Succession law and human rights

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At first sight, the heading – Succession law and human rights – may appear to be strange because of the distinction in subject-matter between those two areas of law: The first concerns the law of wills and the administration of deceased estates; the other concerns the basic rights of everyone: We are all born free and equal in dignity and rights. We are endowed with reason and conscience and should act towards one another in a spirit of brotherhood.1

However, the two areas are not mutually exclusive. On 1 January 2020, most provisions of the Human Rights Act 2019 (Qld) (the Act) became law and required the drafting of legislation and judicial interpretation of legislation to be compatible, as much as possible, with human rights.2  It is noteworthy that human rights were part of the judicial reasoning in succession cases before the commencement of the Act.3

Two areas of succession law, namely Family Provision claims and disputes concerning funeral arrangements, are now particularly impacted.

Family provision claims

In their reasons for making orders in favour of an applicant for Family Provision, the courts have included reasons based on human rights. In particular, reliance has been on the right of applicants with disabilities to human dignity.

Abrahams

In Abrahams (by his litigation guardian The Public Trustee of Queensland) v Abrahams4 the Queensland Court of Appeal highlighted the importance of considering human rights.

The applicant, a 46-year-old man who had Down Syndrome, appealed from a District Court decision refusing to sanction an agreement with his four siblings for Family Provision from his late father’s estate.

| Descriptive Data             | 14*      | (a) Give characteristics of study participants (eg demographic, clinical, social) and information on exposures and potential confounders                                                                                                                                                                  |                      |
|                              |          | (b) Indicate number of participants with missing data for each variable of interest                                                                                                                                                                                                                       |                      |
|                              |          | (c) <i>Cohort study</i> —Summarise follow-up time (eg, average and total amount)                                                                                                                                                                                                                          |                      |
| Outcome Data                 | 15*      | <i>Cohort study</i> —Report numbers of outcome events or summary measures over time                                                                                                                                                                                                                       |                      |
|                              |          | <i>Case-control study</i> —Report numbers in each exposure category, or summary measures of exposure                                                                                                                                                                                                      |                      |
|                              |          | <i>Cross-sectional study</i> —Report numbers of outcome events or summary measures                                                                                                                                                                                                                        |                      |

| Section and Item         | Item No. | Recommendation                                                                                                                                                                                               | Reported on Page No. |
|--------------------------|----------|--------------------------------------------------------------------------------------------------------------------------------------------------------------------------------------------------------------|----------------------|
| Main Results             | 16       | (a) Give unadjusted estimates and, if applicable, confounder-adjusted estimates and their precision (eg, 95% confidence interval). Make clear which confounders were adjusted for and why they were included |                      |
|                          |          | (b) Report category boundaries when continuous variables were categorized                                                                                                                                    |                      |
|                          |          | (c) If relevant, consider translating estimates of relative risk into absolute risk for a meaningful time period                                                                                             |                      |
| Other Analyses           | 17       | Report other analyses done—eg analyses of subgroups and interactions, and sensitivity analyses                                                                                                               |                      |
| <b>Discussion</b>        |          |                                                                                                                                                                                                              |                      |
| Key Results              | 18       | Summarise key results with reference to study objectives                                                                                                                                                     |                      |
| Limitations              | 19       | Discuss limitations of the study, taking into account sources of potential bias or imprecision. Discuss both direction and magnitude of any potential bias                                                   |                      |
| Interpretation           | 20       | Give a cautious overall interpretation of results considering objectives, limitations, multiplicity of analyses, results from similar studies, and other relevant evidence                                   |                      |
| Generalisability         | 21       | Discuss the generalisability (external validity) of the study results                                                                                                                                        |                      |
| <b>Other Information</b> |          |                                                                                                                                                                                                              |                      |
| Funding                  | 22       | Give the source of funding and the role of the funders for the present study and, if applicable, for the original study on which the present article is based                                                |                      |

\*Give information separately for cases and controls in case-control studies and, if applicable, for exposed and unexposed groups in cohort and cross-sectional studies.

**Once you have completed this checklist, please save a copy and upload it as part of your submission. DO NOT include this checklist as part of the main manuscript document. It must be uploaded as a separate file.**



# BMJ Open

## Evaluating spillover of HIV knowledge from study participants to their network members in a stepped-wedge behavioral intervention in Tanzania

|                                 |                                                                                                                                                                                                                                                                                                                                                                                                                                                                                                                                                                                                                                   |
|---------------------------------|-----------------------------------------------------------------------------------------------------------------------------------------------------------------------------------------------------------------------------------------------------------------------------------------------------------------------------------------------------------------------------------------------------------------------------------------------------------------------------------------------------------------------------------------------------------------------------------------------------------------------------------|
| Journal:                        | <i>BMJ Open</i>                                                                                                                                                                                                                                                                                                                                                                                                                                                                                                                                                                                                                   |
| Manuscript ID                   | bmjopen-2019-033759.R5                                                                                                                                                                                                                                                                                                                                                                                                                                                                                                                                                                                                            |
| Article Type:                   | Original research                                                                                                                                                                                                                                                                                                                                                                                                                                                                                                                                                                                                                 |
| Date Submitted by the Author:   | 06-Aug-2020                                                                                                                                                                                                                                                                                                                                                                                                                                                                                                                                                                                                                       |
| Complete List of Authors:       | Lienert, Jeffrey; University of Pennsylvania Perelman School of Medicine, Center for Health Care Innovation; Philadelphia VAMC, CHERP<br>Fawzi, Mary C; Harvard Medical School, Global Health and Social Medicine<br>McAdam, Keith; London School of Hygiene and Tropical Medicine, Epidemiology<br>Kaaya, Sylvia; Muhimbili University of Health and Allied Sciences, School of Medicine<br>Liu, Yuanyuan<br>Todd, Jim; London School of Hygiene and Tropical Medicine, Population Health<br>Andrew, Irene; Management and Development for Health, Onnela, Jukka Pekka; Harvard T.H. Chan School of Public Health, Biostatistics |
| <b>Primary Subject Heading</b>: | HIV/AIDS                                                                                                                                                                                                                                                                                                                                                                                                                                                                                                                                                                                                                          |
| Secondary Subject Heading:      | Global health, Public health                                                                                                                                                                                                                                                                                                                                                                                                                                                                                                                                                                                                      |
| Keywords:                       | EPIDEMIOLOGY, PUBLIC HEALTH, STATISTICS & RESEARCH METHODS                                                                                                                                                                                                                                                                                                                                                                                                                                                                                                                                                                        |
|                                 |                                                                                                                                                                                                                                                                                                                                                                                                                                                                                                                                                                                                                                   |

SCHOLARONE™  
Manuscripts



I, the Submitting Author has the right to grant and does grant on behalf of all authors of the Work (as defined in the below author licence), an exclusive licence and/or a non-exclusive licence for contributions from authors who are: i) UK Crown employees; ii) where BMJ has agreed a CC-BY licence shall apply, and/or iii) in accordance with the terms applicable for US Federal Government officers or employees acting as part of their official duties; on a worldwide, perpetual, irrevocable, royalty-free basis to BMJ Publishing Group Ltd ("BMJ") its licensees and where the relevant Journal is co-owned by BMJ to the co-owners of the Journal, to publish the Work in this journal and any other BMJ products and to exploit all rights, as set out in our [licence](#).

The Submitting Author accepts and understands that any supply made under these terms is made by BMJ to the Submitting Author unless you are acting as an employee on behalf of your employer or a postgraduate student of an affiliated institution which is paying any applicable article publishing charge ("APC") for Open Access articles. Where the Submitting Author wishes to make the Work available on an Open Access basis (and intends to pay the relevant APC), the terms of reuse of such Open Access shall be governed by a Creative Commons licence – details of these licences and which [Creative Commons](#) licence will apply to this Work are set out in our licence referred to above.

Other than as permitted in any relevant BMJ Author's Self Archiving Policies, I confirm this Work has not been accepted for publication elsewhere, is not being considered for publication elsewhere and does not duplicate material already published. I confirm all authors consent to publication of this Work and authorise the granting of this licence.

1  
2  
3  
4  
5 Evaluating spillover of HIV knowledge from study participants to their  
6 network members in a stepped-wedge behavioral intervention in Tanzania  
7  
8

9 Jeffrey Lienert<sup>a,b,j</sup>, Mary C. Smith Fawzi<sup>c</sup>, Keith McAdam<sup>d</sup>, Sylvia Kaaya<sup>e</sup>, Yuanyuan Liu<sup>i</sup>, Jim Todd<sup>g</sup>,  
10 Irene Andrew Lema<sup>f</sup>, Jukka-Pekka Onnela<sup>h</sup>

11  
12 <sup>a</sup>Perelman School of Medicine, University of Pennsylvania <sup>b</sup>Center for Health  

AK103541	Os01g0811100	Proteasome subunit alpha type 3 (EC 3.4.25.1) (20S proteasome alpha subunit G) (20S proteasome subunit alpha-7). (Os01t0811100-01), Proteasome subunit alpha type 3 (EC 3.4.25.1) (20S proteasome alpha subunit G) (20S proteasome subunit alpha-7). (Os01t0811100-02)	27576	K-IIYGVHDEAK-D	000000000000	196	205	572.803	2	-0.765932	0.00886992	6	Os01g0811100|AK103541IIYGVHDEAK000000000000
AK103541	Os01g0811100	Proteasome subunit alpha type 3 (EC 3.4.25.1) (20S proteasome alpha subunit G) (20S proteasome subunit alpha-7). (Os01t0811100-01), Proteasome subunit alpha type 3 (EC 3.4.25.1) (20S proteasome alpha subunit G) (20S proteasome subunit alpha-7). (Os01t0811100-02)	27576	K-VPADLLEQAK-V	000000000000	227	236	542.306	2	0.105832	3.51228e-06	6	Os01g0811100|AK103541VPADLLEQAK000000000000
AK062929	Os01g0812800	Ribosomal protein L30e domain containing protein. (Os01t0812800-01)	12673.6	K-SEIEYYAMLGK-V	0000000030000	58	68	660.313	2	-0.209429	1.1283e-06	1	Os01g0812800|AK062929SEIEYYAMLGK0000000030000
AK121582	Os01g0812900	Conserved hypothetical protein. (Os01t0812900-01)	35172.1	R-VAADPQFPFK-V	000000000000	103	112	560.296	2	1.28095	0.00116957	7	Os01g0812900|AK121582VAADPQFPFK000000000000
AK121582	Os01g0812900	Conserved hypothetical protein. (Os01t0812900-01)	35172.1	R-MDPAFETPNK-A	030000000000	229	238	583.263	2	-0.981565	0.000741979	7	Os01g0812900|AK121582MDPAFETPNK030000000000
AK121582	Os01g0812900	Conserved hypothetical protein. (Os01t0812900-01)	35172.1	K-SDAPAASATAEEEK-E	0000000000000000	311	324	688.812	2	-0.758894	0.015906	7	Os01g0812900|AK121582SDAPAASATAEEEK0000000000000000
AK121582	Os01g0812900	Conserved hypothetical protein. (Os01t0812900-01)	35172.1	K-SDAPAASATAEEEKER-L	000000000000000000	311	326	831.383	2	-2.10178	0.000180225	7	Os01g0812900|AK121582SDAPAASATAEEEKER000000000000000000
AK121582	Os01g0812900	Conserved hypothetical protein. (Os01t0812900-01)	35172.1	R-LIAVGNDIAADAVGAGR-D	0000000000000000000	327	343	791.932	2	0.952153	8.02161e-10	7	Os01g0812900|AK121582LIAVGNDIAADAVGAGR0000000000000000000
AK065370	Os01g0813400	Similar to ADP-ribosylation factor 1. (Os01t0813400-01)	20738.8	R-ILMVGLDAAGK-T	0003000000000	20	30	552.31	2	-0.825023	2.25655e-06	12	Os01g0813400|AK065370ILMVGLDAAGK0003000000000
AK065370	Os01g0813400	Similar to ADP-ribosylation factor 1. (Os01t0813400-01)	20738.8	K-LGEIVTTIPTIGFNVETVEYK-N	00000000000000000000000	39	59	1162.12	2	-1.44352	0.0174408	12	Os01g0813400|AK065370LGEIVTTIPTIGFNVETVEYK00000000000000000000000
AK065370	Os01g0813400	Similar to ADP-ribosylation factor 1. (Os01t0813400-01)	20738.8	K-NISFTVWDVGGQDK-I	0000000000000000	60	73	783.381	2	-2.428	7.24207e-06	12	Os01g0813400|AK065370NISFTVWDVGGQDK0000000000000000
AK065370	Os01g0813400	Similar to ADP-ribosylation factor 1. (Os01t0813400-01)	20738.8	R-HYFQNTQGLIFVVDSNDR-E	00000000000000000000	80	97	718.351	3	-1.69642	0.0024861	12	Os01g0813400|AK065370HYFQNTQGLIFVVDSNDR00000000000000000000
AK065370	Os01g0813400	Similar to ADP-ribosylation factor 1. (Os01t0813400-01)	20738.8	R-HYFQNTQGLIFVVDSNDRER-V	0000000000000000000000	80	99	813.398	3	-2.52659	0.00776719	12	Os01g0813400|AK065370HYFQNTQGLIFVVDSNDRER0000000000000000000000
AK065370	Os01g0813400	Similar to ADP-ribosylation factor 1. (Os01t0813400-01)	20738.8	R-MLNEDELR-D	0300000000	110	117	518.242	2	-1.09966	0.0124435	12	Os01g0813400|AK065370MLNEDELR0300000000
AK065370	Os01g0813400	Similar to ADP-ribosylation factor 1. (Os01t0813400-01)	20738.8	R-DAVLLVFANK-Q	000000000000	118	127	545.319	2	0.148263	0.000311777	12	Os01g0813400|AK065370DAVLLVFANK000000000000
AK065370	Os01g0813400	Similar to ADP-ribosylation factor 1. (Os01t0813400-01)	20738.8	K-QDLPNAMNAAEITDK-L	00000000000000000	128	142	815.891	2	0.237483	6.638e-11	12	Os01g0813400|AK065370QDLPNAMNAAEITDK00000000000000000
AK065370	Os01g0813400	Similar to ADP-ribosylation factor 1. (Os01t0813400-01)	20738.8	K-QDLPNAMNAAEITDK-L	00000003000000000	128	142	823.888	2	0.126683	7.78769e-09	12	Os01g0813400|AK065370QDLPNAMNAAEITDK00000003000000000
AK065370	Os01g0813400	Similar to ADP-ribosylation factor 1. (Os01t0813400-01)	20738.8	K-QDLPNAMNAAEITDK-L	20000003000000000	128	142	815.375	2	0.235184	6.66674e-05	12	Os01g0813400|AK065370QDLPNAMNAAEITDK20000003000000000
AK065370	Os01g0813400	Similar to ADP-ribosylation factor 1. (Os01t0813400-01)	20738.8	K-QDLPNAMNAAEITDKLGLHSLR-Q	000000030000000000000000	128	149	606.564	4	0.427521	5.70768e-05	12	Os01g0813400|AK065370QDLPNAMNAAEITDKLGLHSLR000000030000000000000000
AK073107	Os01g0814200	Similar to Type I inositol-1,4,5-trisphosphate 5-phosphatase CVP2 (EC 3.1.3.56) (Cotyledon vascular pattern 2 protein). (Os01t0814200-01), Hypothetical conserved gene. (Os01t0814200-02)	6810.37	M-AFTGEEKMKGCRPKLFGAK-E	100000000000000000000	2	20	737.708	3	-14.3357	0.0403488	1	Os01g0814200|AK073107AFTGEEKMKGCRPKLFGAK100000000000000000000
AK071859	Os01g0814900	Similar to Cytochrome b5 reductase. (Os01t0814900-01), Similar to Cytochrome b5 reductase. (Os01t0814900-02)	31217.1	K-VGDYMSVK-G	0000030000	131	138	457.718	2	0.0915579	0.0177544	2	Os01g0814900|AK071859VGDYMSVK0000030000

Allowing the appeal, the court (McMurdo P, Lyons and Boddice JJ) sanctioned that the applicant receive $140,000 inclusive of costs from the estate valued at $443,175. The value of his assets was $21,472.

In one of its reasons, the Court of Appeal referred to the failure of the primary judge to acknowledge ‘contemporary international Human Rights instruments’5 which recognise the rights of people with disabilities. The applicant had a right based on his human worth and dignity: ‘That dignity would be enhanced by extra financial assistance to provide him with new clothes and furniture, including a functional television set’. The court continued: ‘The relevant human rights principles emphasise the importance of the applicant being encouraged and supported to achieve his maximum physical, social, emotional and intellectual potential and becoming as self-reliant as possible’.6

Niebour-Pott

In Niebour-Pott v Pott,7 two children (the applicants) of a de facto relationship, aged 17 and 23, made application for adequate provision from their late father’s estate which had the approximate value of $3.8 million at the date of his death. The applicants both suffered from severe Autism Syndrome Disorder and other health issues. Under their father’s will they received nothing; his second wife and a daughter were the main beneficiaries.

While referring to the freedom of a testator to dispose of his or her property as one of the freedoms that shapes our society and an important human right, Ryan J quoted Callaway JA in Grey v Harrison8 who qualified that freedom as subject to the rights and freedoms of others and that a breach of moral duty is justification for curial intervention.

In Niebour-Potts, Her Honour, finding that the applicants’ syndrome made the world a ‘hostile place for them’, allowed them provision of $400,000 each for their advancement by way of an enhancement in their dignity and referred to Whitmont v Lloyd9 where provision was granted to increase the dignity of the applicant.